The Bush Administration took care of part of the problem earlier this month by exempting about 8 million elderly or disabled people from those requirements. There is still an especially vulnerable population at risk, according to the Center on Budget and Policy Priorities: children in foster care.
The CBPP says:
An abused or neglected child, removed from the home and taken into state custody, does not typically come into foster care with a certified or original birth certificate or passport. Most children are placed in foster care because of abuse or neglect occurring within the context of extreme poverty, homelessness, mental illness, parental substance abuse, or human immunodeficiency virus infection. As a result, families may not have, or may not be willing to relinquish, documentary evidence on their children. The emergency nature of these removals requires that state agencies subsequently work with birth parents and use electronic sources, such as electronic birth records, to establish a complete case file on the child.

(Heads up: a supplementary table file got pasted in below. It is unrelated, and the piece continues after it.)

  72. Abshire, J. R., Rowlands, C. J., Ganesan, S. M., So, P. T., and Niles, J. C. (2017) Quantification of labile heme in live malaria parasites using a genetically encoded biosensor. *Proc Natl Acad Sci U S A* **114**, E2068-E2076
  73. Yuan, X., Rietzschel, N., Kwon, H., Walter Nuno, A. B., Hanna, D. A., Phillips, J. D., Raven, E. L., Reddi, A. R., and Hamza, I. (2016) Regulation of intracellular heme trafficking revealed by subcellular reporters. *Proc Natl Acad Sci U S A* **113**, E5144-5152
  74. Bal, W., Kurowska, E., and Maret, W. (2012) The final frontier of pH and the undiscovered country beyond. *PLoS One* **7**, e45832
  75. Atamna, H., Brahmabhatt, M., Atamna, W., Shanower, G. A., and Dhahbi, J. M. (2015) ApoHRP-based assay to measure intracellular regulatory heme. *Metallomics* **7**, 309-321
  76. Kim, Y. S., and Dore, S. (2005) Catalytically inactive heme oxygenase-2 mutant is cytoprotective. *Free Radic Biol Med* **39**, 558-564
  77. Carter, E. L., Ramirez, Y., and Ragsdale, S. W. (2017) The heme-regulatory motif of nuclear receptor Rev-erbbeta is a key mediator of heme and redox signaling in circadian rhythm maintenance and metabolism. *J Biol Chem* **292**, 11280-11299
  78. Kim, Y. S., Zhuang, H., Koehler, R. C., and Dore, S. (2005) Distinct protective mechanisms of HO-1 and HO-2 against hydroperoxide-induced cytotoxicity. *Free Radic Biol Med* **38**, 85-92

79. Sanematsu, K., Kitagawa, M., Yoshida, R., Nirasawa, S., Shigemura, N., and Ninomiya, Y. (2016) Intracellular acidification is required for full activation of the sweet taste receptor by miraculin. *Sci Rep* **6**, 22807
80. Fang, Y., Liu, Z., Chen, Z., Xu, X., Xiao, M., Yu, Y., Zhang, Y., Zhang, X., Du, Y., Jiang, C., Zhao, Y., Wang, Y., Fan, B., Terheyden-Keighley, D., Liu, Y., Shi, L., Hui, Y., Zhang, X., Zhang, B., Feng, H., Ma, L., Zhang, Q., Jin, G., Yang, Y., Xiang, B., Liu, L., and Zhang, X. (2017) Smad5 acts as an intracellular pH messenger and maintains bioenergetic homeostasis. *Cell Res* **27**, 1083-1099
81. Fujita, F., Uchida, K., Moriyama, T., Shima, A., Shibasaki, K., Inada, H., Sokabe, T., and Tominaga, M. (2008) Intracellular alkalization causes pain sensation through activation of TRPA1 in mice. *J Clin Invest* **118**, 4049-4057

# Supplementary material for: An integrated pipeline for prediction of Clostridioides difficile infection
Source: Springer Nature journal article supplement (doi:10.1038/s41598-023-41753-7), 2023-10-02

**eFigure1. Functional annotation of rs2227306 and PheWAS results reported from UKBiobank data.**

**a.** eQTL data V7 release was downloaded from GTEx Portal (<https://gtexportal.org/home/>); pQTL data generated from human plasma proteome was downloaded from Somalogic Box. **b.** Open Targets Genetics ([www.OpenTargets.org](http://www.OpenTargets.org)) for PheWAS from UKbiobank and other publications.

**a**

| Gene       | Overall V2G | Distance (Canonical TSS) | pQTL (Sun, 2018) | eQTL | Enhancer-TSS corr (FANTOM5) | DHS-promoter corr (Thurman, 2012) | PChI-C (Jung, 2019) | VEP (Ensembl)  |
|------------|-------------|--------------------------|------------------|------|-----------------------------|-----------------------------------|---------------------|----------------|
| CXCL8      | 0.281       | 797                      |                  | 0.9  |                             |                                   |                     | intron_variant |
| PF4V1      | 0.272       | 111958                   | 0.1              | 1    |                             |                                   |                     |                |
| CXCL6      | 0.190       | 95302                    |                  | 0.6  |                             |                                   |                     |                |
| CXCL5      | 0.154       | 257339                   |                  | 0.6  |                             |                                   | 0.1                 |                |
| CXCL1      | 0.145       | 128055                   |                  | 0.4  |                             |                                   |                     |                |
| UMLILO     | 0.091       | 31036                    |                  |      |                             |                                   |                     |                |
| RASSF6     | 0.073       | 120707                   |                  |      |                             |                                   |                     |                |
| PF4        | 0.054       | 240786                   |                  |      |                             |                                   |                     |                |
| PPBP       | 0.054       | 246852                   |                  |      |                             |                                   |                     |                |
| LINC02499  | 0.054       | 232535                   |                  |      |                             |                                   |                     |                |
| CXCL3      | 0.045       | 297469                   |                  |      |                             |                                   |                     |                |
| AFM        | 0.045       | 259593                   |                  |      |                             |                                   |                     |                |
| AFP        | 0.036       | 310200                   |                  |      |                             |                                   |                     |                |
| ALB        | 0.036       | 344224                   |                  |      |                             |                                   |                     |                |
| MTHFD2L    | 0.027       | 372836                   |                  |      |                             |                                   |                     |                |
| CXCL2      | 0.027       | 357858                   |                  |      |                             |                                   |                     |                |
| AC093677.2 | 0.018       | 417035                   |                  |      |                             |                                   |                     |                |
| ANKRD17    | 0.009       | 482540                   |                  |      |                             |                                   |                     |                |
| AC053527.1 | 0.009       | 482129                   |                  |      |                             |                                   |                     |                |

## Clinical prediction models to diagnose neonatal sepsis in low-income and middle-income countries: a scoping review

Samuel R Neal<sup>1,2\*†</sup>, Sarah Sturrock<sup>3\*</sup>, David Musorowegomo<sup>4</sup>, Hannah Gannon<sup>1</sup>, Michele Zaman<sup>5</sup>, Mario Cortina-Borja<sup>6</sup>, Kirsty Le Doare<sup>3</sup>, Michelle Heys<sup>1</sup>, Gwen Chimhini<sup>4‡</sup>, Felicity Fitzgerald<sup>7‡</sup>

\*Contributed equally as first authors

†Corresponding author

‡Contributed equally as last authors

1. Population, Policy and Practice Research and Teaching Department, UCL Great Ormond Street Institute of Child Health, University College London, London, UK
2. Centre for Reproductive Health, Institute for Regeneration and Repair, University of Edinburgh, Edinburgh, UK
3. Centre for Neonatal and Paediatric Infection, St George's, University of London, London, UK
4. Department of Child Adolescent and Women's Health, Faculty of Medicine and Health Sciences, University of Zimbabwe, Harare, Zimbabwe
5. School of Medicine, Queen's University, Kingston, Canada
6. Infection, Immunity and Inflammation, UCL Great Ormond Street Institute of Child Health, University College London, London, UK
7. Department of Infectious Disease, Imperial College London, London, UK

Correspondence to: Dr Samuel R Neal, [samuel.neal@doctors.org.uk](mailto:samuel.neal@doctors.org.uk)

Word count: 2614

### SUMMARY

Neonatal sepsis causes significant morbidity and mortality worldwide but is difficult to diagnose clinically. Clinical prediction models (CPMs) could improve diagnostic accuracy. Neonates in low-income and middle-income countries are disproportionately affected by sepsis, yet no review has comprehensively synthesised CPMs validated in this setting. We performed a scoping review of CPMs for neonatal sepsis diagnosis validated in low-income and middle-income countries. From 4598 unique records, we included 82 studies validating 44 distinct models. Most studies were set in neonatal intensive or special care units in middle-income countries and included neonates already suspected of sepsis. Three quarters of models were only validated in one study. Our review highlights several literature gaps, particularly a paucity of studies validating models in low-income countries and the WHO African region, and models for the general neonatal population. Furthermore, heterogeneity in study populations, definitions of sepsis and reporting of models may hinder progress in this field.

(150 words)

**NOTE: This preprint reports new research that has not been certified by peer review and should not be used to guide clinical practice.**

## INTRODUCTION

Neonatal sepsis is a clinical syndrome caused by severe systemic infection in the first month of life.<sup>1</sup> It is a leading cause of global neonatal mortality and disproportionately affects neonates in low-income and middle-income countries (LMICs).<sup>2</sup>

Under the terms of the regulations, however, states will not be able to rely on their child welfare records or on electronic exchanges of information between the child welfare and Medicaid agencies. States will need to obtain an original or certified birth certificate (or a passport) for the child’s Medicaid file, or to obtain the information through a match with vital records information, before eligibility can be established, even though child welfare agencies may have already verified that the child is a citizen.
Applying the new rules to these kids seems monumentally mean-spirited and unnecessary. If the elderly and vulnerable can be exempted from the, why not the young and vulnerable?